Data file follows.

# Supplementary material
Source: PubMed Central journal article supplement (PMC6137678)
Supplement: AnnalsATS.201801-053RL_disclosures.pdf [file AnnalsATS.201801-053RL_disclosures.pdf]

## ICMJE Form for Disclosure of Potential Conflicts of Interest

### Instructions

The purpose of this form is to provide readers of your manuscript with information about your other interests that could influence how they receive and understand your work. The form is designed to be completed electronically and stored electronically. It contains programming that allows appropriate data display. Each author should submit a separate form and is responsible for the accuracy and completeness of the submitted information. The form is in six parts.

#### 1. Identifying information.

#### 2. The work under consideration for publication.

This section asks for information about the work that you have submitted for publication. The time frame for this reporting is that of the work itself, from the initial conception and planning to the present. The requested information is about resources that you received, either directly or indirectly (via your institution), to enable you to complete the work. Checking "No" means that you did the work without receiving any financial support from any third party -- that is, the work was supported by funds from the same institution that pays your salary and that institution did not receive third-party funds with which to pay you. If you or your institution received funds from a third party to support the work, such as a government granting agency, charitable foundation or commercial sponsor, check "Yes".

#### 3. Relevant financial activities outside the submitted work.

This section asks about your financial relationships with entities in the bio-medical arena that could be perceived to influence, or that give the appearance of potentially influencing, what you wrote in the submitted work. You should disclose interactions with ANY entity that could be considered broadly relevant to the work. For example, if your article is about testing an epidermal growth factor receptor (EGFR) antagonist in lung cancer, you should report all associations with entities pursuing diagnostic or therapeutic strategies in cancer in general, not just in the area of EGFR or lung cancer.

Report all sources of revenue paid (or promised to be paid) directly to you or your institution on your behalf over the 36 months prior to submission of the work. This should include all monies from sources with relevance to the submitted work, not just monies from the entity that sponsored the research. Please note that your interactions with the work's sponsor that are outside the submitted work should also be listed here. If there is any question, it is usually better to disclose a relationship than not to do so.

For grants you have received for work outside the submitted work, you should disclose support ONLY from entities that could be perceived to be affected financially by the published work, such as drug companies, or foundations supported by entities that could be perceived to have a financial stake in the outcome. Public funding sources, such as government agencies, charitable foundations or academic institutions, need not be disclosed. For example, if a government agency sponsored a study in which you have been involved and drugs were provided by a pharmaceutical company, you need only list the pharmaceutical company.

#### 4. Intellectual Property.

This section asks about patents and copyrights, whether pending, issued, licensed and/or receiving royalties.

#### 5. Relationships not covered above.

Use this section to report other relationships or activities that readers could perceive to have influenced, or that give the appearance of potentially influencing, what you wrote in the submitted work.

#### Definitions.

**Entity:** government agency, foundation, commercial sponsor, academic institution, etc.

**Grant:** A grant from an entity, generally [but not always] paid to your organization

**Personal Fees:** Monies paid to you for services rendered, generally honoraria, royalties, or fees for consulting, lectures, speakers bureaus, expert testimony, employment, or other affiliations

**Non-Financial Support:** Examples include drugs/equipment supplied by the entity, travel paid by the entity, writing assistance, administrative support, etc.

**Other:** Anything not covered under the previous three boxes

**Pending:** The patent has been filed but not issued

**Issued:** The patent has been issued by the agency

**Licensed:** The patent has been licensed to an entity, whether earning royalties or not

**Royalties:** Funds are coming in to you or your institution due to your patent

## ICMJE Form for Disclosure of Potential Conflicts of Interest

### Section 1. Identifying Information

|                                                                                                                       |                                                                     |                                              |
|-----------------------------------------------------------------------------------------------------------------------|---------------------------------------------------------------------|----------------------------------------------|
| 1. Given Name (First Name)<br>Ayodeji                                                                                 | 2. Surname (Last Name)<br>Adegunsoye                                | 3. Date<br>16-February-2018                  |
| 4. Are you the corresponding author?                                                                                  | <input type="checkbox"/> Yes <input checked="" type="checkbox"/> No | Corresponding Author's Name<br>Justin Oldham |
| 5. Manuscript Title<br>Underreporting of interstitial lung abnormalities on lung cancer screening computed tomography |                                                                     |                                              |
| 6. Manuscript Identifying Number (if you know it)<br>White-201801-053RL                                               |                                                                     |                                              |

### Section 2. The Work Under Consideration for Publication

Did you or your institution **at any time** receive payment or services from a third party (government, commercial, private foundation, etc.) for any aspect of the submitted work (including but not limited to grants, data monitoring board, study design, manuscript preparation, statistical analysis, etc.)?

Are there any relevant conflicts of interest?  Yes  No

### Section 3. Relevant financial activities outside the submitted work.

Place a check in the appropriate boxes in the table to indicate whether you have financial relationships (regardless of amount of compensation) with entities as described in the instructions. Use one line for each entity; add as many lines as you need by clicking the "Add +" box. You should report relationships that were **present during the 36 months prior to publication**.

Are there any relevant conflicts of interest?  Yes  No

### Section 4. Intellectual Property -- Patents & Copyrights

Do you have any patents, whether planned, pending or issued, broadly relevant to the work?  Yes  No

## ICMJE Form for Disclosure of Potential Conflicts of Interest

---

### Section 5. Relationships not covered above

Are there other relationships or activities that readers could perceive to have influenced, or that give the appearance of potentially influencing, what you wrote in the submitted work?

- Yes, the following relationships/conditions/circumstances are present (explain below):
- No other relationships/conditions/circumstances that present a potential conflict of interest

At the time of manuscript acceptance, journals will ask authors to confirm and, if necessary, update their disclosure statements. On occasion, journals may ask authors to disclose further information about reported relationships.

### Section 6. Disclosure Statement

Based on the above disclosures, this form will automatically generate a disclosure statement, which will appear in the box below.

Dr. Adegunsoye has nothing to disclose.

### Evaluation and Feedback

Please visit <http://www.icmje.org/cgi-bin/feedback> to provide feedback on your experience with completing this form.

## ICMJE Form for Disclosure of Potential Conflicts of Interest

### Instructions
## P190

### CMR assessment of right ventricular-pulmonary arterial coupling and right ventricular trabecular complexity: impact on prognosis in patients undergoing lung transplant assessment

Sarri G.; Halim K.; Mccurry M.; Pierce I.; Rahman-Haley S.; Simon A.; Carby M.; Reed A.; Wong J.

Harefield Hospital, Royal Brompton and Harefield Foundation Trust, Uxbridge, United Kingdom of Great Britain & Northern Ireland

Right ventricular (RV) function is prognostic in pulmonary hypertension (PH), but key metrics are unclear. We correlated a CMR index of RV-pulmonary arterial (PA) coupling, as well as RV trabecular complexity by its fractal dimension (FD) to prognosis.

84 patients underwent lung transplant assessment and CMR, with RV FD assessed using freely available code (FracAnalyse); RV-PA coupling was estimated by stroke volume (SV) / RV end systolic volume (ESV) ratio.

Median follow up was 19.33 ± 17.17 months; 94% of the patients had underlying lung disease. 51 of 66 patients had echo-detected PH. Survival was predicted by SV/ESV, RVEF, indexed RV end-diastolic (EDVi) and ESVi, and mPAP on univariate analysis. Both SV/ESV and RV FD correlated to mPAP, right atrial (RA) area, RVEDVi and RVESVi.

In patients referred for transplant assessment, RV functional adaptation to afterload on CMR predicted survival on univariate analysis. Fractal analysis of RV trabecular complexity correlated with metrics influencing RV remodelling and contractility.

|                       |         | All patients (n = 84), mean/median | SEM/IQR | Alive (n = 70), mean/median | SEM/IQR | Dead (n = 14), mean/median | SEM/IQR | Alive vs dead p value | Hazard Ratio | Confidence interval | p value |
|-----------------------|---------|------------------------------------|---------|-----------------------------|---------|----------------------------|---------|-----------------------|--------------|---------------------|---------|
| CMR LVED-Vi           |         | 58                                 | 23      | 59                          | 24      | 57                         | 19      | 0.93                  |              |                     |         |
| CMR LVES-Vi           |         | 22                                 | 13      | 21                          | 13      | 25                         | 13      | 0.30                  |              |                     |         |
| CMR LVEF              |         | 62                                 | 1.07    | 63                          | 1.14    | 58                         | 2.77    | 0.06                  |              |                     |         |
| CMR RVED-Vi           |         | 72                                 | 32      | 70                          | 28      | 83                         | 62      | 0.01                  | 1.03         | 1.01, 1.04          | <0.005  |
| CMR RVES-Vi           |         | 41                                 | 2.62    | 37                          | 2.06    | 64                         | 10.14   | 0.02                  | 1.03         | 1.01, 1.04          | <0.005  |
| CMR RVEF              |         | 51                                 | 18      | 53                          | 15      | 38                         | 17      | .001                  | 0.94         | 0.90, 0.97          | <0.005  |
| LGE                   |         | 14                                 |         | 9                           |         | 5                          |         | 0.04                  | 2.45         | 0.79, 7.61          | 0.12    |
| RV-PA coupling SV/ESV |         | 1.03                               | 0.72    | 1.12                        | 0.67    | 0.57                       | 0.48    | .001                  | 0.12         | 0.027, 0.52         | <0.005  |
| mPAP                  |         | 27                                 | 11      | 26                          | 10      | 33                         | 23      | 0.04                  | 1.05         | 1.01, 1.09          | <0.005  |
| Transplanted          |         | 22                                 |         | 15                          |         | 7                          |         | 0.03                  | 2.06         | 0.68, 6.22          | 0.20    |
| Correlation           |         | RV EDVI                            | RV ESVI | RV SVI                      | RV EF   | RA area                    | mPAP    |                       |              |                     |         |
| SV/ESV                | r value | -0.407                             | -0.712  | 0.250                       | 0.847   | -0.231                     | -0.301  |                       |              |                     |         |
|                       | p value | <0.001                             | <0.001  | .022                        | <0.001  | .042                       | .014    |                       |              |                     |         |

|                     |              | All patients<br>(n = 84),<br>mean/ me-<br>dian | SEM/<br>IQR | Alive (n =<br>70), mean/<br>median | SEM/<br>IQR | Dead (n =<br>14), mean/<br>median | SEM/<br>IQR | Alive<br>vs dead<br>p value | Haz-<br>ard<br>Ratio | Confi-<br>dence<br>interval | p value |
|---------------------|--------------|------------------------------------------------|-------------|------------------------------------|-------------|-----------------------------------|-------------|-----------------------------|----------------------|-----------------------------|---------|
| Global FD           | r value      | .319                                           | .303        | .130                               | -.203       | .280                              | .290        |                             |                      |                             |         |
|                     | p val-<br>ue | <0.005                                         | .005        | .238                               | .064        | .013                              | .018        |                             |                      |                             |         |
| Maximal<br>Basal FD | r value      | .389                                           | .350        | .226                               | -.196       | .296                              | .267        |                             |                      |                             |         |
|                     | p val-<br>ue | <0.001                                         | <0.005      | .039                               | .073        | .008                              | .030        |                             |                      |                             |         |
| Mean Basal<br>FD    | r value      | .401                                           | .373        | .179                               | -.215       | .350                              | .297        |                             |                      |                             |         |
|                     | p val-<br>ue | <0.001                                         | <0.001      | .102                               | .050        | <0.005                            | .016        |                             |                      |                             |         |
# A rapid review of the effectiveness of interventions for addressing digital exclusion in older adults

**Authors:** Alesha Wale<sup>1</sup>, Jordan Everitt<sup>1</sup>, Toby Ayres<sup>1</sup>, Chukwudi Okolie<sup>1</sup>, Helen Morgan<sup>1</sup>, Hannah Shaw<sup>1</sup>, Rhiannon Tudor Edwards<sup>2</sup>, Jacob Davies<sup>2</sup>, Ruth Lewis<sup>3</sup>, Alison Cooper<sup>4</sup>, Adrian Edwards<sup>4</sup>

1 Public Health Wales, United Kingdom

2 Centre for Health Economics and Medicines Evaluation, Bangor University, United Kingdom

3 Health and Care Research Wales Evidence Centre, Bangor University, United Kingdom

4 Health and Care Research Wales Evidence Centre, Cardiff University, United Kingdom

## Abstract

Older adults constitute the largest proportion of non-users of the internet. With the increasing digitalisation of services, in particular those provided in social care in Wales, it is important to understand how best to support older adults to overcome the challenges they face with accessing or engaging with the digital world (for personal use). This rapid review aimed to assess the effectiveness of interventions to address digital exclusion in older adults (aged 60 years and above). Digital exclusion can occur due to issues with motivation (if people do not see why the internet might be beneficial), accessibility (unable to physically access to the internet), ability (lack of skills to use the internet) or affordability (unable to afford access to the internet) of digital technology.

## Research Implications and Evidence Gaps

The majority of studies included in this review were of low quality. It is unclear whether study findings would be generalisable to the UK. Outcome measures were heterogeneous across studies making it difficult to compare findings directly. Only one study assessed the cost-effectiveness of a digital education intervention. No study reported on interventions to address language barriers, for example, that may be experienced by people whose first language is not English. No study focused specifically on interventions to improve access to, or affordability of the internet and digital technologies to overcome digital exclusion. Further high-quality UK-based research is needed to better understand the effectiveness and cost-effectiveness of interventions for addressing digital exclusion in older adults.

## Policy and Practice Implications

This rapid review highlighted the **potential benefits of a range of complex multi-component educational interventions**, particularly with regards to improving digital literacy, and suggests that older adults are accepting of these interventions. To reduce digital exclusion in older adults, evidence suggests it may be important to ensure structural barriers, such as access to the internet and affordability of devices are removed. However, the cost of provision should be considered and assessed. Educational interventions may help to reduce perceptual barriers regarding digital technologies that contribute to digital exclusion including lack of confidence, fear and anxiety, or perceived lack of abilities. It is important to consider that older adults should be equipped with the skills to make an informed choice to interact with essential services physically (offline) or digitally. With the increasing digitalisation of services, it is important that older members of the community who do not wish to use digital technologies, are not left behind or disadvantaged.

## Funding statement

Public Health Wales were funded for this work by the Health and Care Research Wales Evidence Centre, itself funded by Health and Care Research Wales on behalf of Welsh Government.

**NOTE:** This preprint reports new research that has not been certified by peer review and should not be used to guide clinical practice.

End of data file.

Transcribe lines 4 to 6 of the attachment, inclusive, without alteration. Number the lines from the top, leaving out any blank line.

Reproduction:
## ICMJE Form for Disclosure of Potential Conflicts of Interest

### Instructions

The purpose of this form is to provide readers of your manuscript with information about your other interests that could influence how they receive and understand your work. The form is designed to be completed electronically and stored electronically. It contains programming that allows appropriate data display. Each author should submit a separate form and is responsible for the accuracy and completeness of the submitted information. The form is in six parts.